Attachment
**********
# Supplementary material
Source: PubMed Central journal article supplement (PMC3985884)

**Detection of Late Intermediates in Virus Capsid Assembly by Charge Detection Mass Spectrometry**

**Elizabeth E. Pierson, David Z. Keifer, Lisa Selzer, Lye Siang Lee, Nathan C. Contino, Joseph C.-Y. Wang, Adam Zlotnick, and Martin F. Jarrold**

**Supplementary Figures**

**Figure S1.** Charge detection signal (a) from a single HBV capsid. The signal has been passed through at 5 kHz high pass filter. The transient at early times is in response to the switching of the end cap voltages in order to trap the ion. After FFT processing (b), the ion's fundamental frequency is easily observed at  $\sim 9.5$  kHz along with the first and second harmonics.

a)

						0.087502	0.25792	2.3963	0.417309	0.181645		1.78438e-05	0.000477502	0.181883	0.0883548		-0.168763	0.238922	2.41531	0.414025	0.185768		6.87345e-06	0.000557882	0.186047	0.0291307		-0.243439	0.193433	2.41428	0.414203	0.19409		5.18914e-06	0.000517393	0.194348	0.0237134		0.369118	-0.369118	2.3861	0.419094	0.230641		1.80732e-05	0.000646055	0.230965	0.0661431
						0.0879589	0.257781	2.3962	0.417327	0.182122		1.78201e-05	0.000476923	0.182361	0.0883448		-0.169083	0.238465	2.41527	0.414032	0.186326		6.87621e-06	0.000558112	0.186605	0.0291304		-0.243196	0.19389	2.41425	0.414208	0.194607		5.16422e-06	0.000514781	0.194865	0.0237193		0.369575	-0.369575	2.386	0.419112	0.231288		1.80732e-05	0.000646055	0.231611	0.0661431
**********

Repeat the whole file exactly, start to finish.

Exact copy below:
# Supplementary material
Source: PubMed Central journal article supplement (PMC3985884)

**Detection of Late Intermediates in Virus Capsid Assembly by Charge Detection Mass Spectrometry**

**Elizabeth E. Pierson, David Z. Keifer, Lisa Selzer, Lye Siang Lee, Nathan C. Contino, Joseph C.-Y. Wang, Adam Zlotnick, and Martin F. Jarrold**

**Supplementary Figures**

**Figure S1.** Charge detection signal (a) from a single HBV capsid. The signal has been passed through at 5 kHz high pass filter. The transient at early times is in response to the switching of the end cap voltages in order to trap the ion. After FFT processing (b), the ion's fundamental frequency is easily observed at  $\sim 9.5$  kHz along with the first and second harmonics.

a)

						0.087502	0.25792	2.3963	0.417309	0.181645		1.78438e-05	0.000477502	0.181883	0.0883548		-0.168763	0.238922	2.41531	0.414025	0.185768		6.87345e-06	0.000557882	0.186047	0.0291307		-0.243439	0.193433	2.41428	0.414203	0.19409		5.18914e-06	0.000517393	0.194348	0.0237134		0.369118	-0.369118	2.3861	0.419094	0.230641		1.80732e-05	0.000646055	0.230965	0.0661431
						0.0879589	0.257781	2.3962	0.417327	0.182122		1.78201e-05	0.000476923	0.182361	0.0883448		-0.169083	0.238465	2.41527	0.414032	0.186326		6.87621e-06	0.000558112	0.186605	0.0291304		-0.243196	0.19389	2.41425	0.414208	0.194607		5.16422e-06	0.000514781	0.194865	0.0237193		0.369575	-0.369575	2.386	0.419112	0.231288		1.80732e-05	0.000646055	0.231611	0.0661431